Film-maker Sharmeen Obaid-Chinoy's triumph in becoming the first Pakistani to win an Oscar has been greeted with jubilation in her home country.
Tributes on TV and social media have been pouring in, with local channels repeatedly showing footage of her receiving the award on Monday.
She won the award for best documentary in the short subject category for her film Saving Face, about acid attacks on women. The film chronicles the work of acclaimed British-Pakistani plastic surgeon Mohammad Jawad.
It follows him as he travels around the country to perform reconstructive surgery on survivors of acid violence and is told by survivors going through the recovery and reconciliation process.
Ms Obaid-Chinoy's dedication at the Oscar ceremony was pointed: "For all the women in Pakistan working for change, don't give up on your dreams - this is for you."
Although the film and its international acclaim has served to bring to the fore this brutal aspect to Pakistani society, activists say there is still a long way to go before the situation on the ground truly changes.
One of the acid attack victims featured in the documentary did not want to speak on the record as she still lives with the husband who carried out the crime. She says that it is necessary to do so for the sake of the children.
The observational documentary was filmed entirely in Pakistan, primarily in the centre of the country and in the cities of Rawalpindi, Karachi and Islamabad.
The practice of acid attacks in Pakistan leaves victims - who are mostly women - horribly disfigured in the face.
Although thousands are affected by acid attacks, in a country where women are often the victims of numerous crimes, the problem has often been under-reported.
But in 2011 legislation was introduced to address the problem. The Acid Control and Acid Crime Prevention Bill stipulates that attackers can be jailed from 14 years to life, in addition to receiving a 1m rupees fine (£7,000; $12,000).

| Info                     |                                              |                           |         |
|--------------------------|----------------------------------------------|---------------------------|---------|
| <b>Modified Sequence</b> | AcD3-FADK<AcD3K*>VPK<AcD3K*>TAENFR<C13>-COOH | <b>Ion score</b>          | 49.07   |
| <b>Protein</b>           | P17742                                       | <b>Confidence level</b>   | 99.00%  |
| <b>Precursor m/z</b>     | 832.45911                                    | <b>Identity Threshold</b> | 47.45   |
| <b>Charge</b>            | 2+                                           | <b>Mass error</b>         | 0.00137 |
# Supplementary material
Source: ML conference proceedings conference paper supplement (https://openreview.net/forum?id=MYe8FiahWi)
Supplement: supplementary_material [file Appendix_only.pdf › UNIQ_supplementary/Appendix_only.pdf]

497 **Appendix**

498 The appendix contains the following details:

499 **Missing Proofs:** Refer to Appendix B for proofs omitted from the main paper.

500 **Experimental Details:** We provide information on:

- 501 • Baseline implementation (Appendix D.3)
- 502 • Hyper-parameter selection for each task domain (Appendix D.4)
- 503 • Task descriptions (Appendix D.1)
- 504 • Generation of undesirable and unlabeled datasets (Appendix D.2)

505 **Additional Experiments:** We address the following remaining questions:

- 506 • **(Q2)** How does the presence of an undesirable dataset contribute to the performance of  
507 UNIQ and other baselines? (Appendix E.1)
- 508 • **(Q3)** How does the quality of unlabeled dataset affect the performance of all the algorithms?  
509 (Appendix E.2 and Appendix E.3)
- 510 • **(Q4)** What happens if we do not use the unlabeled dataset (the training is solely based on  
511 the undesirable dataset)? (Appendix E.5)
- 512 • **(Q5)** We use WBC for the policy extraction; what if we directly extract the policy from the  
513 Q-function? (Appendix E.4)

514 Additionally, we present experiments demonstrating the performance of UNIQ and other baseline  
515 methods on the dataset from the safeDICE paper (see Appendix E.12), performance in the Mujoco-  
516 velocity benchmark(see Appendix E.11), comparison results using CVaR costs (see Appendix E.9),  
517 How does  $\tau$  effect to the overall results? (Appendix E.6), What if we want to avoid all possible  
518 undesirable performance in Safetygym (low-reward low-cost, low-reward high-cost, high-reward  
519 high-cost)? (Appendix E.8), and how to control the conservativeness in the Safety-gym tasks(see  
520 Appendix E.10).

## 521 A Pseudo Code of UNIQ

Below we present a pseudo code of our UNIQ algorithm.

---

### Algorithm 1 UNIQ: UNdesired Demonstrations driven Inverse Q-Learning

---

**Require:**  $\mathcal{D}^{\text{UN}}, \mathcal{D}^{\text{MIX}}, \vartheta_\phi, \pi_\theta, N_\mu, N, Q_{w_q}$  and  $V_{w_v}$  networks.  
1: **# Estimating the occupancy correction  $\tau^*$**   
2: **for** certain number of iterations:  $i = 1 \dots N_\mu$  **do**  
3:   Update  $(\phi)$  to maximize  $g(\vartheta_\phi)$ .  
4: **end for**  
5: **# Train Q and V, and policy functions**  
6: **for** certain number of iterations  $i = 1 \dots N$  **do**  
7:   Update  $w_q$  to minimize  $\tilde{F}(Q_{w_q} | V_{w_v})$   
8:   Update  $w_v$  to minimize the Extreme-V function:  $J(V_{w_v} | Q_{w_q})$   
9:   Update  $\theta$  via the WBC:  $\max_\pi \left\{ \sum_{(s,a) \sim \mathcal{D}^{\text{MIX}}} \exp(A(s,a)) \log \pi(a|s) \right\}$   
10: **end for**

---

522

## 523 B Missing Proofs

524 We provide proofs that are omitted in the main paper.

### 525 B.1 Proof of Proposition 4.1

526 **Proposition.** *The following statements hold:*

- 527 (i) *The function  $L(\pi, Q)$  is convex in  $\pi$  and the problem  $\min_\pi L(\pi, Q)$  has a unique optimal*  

But life for many victims also amounts to a form of imprisonment.
Another acid attack victim - who still has not been compensated for the attack against her - says that she is thrilled over Ms Obaid-Chinoy's win.
"We've been watching TV all morning," she said, "and I don't have the words to thank Ms Obaid-Chinoy for what she's done.
"I think it will become easier for women now and it will scare the perpetrators."
Meanwhile Prime Minister Yousuf Raza Gilani has announced the highest civil award for Ms Obaid-Chinoy. Such moves have been warmly welcomed by her admirers.
"When the bill was passed Sharmeen was there to film it. It was a huge deal for women," said politician Marvi Memon who featured in the film.
"The law is already in place but Sindh [province] has been defaulting - so people may wake up now because of this documentary. I think this issue has come to the forefront.
"We are extremely proud of Sharmeen - she is hardworking, capable and it is an honour for Pakistan that we have won an Oscar through her.
"She won and she embodies a beautiful woman of Pakistan - she is beautiful inside and out."
Other supporters are equally full of praise.
"This documentary shows we are not powerless - Pakistani women... are not victims anymore, but agents of change," proclaims Valarie Khan, Chairperson of Acid Survivors Foundation who helped Ms Chinoy make the documentary.
"There are 200 attacks a year," she says, with reports [of such incidents] increasing.
"We have treated 150 patients - it is a long-term treatment [programme] but there is much more work [still] to do.
"We need to focus on [the police] investigation, the trial [process] and rehabilitation and we hope this documentary adds pressure not to stop here."
When she was nominated for the award in January Ms Obaid-Chinoy said it was the "stuff dreams are made of".
Now that dream has been fulfilled.